Eighth Circuit

Goodwin v. United States, 869 F.3d 636 (8th Cir. 2017). ABUSE, SEXUAL EXPLOITATION
 Defendant convicted of attempted transportation of minor with intent to engage in sexual activity under Mann Act filed motion to vacate, set aside, or correct sentence. Eighth circuit ruled his attempted inducement of 17-year old victim to travel between states to have sex, in violation of valid state criminal statute prohibiting inducement of child younger than 18 years of age to engage in sexual conduct, was not protected speech under First Amendment.

Hutson v. Walker, 688 F.3d 477 (8th Cir. 2012). WRONGFUL DEATH
In wrongful death action filed after child’s death due to physical abuse while in grandparents’ care, agency staff were entitled to qualified immunity. Although their conduct in conducting home study of grandparents was lacking, agency staff’s actions were at worst neglectful, but did not rise to the egregious level required under the deliberate indifference test. FULL SUMMARY

Neely v. McDaniel, 677 F.3d 346 (8th Cir. 2012). ABUSE, DUE PROCESS
Individual’s due process rights were not violated when he was convicted of soliciting sex from a person under 15 over the Internet. Statute was not facially unconstitutional and could be applied against a defendant who never met the victim face to face and arguably could not ascertain the victim’s age. Many other strict liability statutes, like statutory rape, have withstood constitutional challenges and there was no compelling reason to distinguish petitioner’s case.

United States v. Gauld, 2017 WL 3254374 (8th Cir.). ABUSE, SENTENCING Defendant pleaded guilty to receiving child pornography and appealed his sentence. Appellate court held juvenile delinquency adjudication for criminal sexual offense involving minor was not “prior conviction” triggering 15-year mandatory minimum sentence for receiving child pornography under sentencing statute. Under federal law, delinquency adjudications are considered determinations of status rather than convictions for crimes.

United States v. Gonzalez, 2016 WL 3513820 (8th Cir.). ABUSE, RECORDED INTERVIEW 
District court acted within its discretion in trial for attempted sexual exploitation of minors when it granted jury’s request during deliberations to listen to audio recording of victim’s interview. Recording was properly admitted in evidence but not played at trial. Defendant waived any foundational objections and specifically stated he had no objection to admission of recording, and jury listened to audio recording using agreed-upon procedures.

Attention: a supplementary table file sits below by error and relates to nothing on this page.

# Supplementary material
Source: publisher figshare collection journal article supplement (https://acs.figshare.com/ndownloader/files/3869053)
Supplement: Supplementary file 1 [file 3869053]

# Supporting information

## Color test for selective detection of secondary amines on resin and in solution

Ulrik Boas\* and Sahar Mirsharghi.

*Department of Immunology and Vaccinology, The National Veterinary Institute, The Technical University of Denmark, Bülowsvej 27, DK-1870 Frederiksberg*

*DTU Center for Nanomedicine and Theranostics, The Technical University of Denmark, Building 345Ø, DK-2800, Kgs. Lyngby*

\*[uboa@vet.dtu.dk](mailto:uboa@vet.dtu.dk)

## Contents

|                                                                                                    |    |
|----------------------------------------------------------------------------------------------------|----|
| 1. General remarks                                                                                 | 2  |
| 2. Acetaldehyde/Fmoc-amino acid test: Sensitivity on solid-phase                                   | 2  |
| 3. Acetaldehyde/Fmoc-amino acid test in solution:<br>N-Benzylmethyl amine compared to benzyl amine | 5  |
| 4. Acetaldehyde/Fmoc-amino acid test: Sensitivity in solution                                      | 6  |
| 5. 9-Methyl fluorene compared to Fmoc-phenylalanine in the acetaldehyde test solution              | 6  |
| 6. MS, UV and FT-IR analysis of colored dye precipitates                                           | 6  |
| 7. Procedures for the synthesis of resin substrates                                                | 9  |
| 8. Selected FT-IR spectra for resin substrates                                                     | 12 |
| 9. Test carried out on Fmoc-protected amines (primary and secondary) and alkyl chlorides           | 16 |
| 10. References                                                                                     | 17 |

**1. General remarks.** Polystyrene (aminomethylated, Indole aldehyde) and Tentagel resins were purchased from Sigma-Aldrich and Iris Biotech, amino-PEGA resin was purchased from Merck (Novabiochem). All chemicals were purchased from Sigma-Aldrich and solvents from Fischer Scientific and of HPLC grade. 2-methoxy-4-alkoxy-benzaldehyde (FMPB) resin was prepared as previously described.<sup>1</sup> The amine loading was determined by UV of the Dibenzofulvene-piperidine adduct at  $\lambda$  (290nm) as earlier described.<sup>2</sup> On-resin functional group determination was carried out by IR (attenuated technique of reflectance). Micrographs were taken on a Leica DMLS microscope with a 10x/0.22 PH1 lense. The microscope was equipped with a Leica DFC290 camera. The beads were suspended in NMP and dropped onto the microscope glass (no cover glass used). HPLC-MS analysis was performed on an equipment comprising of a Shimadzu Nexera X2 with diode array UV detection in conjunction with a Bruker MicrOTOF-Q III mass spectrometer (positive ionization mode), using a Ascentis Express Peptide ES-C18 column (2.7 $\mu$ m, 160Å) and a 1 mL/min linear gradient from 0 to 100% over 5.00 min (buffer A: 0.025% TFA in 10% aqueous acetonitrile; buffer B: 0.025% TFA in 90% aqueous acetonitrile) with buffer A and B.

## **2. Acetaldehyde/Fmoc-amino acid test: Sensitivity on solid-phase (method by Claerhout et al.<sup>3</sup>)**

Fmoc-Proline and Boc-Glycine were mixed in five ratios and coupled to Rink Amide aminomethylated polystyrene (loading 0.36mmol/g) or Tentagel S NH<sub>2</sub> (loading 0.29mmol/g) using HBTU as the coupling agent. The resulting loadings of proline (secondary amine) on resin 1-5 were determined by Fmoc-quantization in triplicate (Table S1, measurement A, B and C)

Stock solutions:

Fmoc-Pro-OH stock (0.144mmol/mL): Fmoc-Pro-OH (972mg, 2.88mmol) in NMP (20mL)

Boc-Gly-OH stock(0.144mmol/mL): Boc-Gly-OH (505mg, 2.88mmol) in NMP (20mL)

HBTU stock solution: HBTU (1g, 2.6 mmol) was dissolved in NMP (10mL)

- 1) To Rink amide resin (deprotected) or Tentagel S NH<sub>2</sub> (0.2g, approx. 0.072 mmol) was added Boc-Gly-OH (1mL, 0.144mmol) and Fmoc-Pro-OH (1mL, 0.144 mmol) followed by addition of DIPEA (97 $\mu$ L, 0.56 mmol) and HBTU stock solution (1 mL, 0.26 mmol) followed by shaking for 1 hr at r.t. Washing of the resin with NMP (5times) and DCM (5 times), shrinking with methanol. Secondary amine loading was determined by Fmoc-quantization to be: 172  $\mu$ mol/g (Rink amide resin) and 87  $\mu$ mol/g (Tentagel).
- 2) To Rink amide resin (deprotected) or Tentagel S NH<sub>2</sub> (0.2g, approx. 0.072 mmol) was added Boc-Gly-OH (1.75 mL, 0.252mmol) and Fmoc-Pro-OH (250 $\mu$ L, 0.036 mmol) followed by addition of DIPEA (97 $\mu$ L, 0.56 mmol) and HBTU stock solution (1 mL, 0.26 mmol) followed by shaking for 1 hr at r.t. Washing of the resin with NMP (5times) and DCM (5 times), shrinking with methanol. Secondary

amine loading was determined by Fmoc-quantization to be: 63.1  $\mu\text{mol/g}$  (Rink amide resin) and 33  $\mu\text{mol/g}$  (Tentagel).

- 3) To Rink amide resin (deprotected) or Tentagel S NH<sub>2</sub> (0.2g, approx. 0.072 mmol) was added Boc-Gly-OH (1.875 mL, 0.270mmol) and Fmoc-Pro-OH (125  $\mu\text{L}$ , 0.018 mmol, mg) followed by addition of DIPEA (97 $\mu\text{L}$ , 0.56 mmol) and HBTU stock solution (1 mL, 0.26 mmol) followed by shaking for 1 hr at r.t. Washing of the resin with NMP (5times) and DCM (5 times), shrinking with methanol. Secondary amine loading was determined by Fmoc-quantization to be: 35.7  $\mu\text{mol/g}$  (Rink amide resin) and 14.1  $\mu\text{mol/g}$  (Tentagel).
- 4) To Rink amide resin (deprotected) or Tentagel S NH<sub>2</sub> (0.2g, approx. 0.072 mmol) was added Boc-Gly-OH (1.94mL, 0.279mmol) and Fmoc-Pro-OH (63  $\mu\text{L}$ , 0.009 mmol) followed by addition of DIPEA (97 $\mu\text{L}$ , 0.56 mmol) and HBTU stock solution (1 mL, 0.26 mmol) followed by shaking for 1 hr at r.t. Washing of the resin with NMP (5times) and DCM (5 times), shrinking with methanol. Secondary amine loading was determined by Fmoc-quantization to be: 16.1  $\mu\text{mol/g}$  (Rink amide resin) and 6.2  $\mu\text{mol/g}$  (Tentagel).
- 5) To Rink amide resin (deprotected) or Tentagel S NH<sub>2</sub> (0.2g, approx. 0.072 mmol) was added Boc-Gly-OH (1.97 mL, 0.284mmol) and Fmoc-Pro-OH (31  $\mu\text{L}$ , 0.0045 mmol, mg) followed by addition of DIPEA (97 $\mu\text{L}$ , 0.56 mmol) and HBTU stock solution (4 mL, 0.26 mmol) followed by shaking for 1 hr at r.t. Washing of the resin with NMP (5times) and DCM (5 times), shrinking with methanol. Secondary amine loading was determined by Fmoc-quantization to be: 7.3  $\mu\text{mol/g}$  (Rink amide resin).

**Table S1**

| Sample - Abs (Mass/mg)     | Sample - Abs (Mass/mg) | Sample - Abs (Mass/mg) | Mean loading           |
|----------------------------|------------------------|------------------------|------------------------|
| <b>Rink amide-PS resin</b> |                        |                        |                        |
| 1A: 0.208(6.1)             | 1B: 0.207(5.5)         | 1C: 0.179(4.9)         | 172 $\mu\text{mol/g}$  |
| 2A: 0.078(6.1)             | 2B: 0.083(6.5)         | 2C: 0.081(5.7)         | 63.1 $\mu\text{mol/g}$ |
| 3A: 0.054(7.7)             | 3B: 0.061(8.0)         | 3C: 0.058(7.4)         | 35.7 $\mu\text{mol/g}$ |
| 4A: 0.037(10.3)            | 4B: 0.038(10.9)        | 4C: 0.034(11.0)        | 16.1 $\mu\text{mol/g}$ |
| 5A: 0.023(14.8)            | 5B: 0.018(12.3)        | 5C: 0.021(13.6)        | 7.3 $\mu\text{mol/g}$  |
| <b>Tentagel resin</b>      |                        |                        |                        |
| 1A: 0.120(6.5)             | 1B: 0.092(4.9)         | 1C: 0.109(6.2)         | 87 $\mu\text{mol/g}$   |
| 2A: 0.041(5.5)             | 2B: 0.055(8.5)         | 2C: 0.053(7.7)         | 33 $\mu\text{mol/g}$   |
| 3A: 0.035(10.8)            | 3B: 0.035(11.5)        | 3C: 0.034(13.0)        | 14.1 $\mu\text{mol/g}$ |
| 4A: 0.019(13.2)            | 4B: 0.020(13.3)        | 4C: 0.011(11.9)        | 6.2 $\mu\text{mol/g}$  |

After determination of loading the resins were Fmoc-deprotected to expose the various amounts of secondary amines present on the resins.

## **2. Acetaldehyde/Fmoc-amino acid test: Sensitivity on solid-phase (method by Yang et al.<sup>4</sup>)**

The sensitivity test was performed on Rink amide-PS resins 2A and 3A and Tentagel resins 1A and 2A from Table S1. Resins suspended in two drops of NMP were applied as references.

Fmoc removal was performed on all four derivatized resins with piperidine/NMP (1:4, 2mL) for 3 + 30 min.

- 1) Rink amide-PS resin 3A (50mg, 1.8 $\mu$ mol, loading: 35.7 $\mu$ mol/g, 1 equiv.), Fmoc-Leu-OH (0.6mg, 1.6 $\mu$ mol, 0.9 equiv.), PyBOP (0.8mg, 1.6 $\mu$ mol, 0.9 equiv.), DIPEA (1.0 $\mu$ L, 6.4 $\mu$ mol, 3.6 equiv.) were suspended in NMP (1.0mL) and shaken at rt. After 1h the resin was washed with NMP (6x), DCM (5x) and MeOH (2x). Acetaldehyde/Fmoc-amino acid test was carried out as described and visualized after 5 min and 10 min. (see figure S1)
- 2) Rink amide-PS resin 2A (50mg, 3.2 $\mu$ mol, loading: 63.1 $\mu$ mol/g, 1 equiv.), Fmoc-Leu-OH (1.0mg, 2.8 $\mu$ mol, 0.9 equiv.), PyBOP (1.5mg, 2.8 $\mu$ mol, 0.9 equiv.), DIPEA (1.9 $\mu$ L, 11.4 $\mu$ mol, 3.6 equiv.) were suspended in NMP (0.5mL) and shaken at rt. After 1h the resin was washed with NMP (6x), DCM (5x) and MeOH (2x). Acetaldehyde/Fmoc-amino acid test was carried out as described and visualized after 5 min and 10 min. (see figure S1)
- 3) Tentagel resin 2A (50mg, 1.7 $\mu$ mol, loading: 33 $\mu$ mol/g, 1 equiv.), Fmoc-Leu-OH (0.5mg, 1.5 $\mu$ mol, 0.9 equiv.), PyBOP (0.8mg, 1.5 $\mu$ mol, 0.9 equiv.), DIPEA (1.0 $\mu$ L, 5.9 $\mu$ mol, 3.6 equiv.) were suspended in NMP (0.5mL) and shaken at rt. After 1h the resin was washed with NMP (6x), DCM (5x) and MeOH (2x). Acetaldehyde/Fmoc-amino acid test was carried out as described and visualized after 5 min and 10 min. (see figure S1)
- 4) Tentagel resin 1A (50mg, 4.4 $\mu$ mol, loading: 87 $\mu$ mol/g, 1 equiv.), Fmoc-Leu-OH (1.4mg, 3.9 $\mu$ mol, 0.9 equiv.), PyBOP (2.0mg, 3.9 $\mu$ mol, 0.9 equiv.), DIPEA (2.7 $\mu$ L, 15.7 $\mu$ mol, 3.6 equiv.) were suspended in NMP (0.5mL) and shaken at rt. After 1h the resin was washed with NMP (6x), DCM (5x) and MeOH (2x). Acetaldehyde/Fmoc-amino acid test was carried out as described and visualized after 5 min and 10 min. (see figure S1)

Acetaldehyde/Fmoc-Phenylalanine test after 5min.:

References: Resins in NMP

U.S. v. Jungers, 702 F.3d 1066 (8th Cir. 2013). ABUSE, SEXUAL ABUSE
Trial court improperly acquitted defendant who offered to pay undercover officers, who were posing as child sex traffickers, for sex with minors. Federal statute that broadly prohibits sex trafficking of children applied to traffickers as well as ‘customers.’ Though most of the statutory language speaks to those who supply victims, the plain meaning including the phrase, ‘obtaining a minor,’ indicate the law was not limited to only the suppliers.

United States v. Jefferson, 2016 WL 945570 (8th Cir.). Juvenile homicide defendant filed motion to vacate life sentence and sought resentencing in light of the U.S. Supreme Court’s decision in Miller v. Alabama. The U.S. District Court resentenced defendant to 600 months in prison and defendant appealed. The Eight Circuit Court of Appeals found the defendant’s sentence did not fall within Miller’s categorical ban on mandatory life-without-parole sentences for juvenile offenders and was not substantively unreasonable. FULL SUMMARY

United States v. Shinn, 681 F.3d 924 (8th Cir. 2012). ABUSE, JURY INSTRUCTIONS
Trial court did not err in denying defendant’s request for a jury instruction on entrapment in criminal trial for attempting to induce a child to engage in sexual activities. Defendant participated in chat room exchanges with a deputy posing as a 14-year-old girl. Though defendant had entered a chat room with an adult designation where the deputy purported to be a 14 year old, it was defendant who initiated sexual discussions and a plan for an in-person meeting, showing defendant was predisposed to commit the illegal act.

U.S. v. Wolff, 2015 WL 4730950 (8th Cir.). SEX OFFENSES, TRAFFICKING
Defendant appealed conviction on attempted sex trafficking of minor because he was arrested as part of sting operation and no actual live minor existed. Defendant communicated interest in 16-year-old girl and arrived at designated location with sexual paraphernalia. Court found proof of ability to actually carry out predicate offense is not required for conviction under attempt statute. His subjective intent and substantial steps he took were sufficient to convict on attempt offense.

State v. Stringer, 739 F.3d 391 (8th Cir. 2014). ABUSE, CHILD PORNOGRAPHY
 Defendant was properly convicted of producing child pornography under federal criminal statute, where trial court excluded evidence that 15-year-old girl who was found in explicit photographs taken by and with defendant had been legally emancipated by her marriage at age 14. Because statute defined a minor as anyone under 18 and had no exception for someone emancipated, trial court could correctly conclude the evidence could confuse the jury.